Grace is freed and we finally learn who she really is: the daughter of a powerful gang leader who ran away because she could not stand her father's dirty work. Her father confronts her in his big limousine and tells her that she is arrogant for not holding others to the same high standards she holds herself to. At first she refuses to listen to him, but as she looks again upon the town and its people, she is compelled to agree -- that she would have to condemn them to the worst possible punishment if she held them to her own standards, and that it would be inhumane not to do so.

So she asks her father to his power to get rid of the town of Dogville. In particular, she tells one of the gangsters to look for the mother of the children (Vera) and tell her they will stop killing if she can hold back her tears while they kill the first two of her children. The film ends in a crescendo of violence, as each citizen of the town, women and children included, is brutally murdered by the gangsters on direct order from Grace herself, except for Tom, whom she kills personally.

Interpretations

The film is set in the 1930s, and the small dead end town of Dogville can be a symbol for any similar town in the United States or, in fact, anywhere. As the two dozen or so citizens of Dogville are introduced to Grace, they are put to a moral test: Are they willing to save a woman who is quite clearly innocent, and to in effect risk their own lives for her, receiving little more than kindness in return? Grace too is faced with a test: when faced with cruelty from the people of Dogville, can she forgive them because they are poor, or will she seek revenge?

Some have called Dogville an allegory based on many elements of the Passion of Christ, and a number of plot twists to provide contemporary relevence, and interesting questions of morality and philosophy. Grace is compared with Jesus, who suffered unjustly at the hands of those he sought to serve. Tom is compared to the church, which, while claiming to love Grace, ultimately betrays her (with a kiss, a possible reference to Judas) because of its preference for self-righteousness and intellectualism (always seeking another "illustration"). The dialogue between Grace and her father in the car is described as a comparison between the "old-testament" and "new-testament" approaches to morality. Some view the brutal ending as posing the question: "What if Jesus decided he had suffered enough at the hands of those who abuse Grace?"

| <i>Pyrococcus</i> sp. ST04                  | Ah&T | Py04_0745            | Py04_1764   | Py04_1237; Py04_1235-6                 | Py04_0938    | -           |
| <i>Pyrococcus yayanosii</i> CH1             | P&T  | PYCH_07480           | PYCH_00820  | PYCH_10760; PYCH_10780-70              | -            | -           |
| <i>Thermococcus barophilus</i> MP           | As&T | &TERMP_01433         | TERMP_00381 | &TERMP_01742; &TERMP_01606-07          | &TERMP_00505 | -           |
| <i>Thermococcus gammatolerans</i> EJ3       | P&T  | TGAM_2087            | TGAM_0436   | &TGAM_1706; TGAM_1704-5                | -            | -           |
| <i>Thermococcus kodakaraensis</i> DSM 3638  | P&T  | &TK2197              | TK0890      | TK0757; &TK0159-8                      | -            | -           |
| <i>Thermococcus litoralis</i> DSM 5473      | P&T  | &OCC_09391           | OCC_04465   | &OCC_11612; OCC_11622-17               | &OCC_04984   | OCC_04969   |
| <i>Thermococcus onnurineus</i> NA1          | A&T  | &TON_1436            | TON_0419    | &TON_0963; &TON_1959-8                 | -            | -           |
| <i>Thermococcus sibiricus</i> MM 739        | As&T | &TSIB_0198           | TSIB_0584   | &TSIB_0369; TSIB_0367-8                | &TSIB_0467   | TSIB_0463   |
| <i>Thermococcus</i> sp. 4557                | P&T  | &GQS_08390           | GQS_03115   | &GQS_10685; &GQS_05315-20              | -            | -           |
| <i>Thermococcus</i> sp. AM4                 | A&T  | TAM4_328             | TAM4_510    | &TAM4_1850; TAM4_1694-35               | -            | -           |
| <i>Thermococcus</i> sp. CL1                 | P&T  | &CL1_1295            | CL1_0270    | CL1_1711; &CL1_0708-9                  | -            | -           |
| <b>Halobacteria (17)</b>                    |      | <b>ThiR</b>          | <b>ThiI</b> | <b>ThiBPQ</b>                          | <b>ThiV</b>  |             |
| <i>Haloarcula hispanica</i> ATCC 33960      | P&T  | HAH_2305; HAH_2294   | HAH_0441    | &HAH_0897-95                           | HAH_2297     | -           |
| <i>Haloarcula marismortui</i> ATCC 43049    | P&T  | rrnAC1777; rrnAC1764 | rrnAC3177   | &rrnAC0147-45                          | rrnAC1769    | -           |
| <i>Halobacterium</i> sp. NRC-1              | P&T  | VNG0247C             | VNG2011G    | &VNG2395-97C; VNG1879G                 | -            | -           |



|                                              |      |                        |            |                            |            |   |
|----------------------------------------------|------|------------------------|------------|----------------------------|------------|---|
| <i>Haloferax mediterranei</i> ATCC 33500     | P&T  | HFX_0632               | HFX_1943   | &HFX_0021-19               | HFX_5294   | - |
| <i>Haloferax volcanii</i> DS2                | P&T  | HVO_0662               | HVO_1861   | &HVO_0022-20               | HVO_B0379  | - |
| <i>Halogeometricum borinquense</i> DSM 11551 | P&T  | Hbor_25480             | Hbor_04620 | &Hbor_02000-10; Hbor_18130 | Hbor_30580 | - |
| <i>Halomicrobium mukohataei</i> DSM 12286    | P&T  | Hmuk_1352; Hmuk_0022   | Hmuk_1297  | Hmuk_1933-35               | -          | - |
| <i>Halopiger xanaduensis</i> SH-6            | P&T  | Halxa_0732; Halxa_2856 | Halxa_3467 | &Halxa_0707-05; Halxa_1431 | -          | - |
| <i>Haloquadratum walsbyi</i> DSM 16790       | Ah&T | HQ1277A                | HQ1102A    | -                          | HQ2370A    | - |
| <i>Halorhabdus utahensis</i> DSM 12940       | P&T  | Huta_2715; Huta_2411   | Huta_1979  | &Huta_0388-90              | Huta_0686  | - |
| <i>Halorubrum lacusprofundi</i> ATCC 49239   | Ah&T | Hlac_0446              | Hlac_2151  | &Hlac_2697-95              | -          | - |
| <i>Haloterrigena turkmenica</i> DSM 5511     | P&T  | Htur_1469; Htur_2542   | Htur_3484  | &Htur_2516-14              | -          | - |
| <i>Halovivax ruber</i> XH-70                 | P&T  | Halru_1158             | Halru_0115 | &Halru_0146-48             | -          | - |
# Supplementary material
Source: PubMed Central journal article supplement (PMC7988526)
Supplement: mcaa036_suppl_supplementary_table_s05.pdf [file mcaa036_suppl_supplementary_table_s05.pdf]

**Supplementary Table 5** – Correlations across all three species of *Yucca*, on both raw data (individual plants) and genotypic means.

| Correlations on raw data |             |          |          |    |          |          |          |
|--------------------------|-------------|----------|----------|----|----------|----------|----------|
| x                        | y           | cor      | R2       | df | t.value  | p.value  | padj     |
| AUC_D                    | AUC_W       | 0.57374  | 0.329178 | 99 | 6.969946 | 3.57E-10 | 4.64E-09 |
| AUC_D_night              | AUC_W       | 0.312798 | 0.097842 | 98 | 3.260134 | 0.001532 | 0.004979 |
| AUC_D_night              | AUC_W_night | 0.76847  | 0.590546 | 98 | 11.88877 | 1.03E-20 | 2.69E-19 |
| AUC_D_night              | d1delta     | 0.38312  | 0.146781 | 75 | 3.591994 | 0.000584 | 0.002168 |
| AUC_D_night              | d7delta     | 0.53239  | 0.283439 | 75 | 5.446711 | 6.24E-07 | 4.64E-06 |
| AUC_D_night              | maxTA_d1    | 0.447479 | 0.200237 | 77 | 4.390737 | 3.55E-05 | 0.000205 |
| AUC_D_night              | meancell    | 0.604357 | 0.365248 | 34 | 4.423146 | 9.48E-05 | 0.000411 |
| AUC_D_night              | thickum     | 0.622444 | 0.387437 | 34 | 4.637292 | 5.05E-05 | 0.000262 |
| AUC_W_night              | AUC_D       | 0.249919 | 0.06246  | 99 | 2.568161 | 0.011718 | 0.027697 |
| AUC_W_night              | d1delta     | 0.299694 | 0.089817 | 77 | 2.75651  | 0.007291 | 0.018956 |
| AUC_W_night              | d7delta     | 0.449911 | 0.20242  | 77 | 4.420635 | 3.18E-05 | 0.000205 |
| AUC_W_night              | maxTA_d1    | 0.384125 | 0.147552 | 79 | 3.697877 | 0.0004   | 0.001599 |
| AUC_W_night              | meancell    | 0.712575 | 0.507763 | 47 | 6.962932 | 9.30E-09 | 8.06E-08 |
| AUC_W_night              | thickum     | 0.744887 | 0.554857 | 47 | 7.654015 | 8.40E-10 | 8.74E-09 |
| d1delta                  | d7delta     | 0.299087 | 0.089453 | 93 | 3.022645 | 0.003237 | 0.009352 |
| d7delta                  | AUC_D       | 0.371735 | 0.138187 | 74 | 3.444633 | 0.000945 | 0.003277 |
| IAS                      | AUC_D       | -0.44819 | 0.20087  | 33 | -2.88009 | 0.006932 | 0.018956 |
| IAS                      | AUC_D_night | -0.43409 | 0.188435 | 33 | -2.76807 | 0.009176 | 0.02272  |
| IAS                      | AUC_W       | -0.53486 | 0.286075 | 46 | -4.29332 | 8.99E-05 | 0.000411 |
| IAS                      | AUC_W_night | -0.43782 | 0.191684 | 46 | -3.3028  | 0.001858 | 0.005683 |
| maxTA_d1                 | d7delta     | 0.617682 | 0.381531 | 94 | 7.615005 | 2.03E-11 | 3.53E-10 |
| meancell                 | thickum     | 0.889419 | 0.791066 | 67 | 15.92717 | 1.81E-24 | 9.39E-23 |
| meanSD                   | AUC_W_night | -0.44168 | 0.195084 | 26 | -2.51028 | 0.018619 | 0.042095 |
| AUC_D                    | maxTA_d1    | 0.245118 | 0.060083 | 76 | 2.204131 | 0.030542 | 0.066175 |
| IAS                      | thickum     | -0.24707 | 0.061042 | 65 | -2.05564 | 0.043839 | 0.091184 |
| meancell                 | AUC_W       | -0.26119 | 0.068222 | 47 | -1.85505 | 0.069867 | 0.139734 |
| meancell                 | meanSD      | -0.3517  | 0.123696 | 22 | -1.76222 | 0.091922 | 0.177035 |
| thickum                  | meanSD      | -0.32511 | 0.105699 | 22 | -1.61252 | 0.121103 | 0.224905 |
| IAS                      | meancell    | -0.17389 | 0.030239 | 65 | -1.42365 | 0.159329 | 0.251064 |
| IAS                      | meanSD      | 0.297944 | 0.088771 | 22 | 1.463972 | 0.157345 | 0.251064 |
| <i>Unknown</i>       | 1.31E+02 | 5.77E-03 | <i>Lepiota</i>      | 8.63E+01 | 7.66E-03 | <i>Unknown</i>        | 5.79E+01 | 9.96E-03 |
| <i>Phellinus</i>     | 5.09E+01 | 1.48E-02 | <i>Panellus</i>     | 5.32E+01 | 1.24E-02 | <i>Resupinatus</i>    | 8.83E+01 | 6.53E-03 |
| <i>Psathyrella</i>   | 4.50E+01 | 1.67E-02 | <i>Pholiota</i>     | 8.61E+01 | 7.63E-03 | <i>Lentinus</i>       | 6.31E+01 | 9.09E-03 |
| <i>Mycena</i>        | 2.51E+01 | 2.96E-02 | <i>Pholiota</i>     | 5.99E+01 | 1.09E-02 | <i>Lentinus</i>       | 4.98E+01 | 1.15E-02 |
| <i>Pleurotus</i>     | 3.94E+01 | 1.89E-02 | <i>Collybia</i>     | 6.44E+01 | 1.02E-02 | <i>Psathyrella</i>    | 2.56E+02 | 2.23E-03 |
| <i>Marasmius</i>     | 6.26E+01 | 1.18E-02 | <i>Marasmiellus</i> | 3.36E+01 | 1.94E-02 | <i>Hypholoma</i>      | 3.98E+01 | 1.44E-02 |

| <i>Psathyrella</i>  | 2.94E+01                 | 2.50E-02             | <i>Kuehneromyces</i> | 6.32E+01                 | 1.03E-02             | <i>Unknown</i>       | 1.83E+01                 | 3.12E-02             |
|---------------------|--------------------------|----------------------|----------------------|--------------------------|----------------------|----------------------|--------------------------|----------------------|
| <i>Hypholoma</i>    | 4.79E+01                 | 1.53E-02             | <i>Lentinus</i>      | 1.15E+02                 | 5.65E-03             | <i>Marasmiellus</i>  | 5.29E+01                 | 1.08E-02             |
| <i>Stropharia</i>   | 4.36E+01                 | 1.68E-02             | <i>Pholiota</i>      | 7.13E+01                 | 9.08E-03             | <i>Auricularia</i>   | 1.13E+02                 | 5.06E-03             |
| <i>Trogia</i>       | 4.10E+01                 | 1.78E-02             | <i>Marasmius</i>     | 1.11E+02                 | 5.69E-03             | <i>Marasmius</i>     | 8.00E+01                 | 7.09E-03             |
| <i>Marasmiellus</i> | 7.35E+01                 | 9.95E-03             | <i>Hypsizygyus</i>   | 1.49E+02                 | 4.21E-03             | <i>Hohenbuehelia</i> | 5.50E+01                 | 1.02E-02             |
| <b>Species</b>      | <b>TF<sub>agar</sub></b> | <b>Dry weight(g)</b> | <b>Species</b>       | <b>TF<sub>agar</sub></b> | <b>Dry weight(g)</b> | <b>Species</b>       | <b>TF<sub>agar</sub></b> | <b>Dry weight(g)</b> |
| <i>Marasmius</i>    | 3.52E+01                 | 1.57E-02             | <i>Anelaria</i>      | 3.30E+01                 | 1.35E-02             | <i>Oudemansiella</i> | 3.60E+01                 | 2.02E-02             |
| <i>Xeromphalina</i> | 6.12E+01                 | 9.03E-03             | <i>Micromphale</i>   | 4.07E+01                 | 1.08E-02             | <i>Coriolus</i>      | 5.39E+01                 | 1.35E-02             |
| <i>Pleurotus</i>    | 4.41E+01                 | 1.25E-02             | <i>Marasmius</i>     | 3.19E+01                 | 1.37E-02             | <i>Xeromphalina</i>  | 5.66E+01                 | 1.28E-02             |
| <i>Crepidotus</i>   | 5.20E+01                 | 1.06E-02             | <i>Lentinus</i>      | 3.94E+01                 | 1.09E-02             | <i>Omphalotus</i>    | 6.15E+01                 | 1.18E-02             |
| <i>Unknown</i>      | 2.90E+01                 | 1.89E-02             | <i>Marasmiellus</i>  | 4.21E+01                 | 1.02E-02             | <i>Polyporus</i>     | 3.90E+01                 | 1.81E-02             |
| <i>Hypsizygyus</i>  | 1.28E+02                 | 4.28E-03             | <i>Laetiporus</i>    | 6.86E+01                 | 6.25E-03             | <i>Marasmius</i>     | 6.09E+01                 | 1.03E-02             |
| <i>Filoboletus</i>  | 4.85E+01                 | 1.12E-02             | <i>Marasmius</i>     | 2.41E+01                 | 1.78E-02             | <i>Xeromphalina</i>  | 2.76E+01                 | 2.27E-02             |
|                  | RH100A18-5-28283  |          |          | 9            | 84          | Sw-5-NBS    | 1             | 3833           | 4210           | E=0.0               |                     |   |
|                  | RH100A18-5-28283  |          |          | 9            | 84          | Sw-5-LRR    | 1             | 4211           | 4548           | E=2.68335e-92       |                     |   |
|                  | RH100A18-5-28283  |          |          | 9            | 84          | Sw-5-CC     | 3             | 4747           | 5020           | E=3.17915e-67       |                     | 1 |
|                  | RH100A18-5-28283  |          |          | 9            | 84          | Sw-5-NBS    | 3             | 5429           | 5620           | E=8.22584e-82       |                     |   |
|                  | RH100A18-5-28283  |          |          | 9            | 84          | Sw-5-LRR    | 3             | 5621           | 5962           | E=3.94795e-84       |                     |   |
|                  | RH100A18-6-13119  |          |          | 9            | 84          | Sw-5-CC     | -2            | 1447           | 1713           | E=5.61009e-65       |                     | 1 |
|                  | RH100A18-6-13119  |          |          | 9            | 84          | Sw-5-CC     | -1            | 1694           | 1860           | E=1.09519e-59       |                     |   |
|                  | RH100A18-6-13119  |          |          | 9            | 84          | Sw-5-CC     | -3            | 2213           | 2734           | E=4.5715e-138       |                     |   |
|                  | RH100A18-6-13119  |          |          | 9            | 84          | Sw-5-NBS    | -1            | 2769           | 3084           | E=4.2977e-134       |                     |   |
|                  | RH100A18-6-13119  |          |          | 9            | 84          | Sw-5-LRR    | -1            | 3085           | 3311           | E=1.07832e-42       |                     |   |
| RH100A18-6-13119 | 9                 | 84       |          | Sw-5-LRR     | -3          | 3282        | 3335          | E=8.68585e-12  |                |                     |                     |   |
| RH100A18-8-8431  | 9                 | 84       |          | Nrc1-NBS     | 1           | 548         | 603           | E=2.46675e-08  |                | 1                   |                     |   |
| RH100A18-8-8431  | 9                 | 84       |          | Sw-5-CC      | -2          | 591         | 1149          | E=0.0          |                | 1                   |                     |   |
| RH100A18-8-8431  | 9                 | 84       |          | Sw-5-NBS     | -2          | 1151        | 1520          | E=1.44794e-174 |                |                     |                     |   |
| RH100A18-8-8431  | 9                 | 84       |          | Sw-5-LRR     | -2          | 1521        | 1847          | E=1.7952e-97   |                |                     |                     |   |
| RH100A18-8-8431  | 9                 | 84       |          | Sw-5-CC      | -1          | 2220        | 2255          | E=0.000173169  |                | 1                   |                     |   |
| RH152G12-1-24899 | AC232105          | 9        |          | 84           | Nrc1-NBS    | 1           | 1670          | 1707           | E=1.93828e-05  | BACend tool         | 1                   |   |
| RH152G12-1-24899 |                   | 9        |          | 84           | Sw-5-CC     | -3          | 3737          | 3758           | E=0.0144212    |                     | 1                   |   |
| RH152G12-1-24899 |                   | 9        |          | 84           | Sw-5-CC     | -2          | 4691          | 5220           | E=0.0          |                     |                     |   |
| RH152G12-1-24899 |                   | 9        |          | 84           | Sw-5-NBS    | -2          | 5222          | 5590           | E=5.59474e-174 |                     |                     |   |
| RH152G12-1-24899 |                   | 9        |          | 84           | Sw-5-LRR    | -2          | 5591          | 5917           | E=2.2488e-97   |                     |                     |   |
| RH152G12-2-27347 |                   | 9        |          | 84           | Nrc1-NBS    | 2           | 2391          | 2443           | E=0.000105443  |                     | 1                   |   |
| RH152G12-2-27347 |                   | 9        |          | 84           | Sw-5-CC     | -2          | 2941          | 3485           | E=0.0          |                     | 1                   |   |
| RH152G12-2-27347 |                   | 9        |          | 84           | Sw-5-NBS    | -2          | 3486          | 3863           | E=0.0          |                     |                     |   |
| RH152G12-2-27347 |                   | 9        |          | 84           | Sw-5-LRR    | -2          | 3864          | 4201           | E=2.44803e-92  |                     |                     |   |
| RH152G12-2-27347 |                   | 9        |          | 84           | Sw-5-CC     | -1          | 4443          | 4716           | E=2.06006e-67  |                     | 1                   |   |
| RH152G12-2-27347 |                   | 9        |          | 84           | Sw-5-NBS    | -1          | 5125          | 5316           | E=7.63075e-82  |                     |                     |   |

Some have called Dogville an anti-American movie because it seems to imply that America does not care for the weakest members of its society and worse, that they are exploited whenever people think they can get away with it. The images of poverty stricken Americans of different eras flashing over the screen during the closing credits, accompanied by the song Young Americans by David Bowie, suggest that the film is in some sense intended to be a comment on American society.

One theme of the film is the difference between altruism and the quid pro quo arrangement set up between Grace and the townspeople. While initially the latter exchange is mutually beneficial, it is increasingly abused by those who hold power. This could be taken as an indictment of capitalism or as a comment on the self-centered nature of human relationships.

To a certain extent, the film also serves to question moral relativism. Grace, it seems, is incapable of passing judgement on any behavior - no matter how reprehensible. To her, all of these behaviors are merely products of circumstance. Her father, who appears later, argues that this is arrogant condescension, and that Grace should expect of others what she expects of herself.

Still others perceive Dogville to be an anti-Christian allegory, rather than anti-American, with Grace's "turn the other cheek" forgiveness being rejected in favour of divine vengeance. In this interpretation, the film is a condemnation of "weak" Christians who allow evil to go unchecked, such as during the Second World War.

External links


Movies by Lars von Trier
The Element of Crime | Epidemic | Zentropa | Breaking the Waves | Idioterne * | Dancer in the Dark | Dogville | Manderlay | Washington
af:Dogville

de:Dogville et:Dogville it:Dogville nl:Dogville pt:Dogville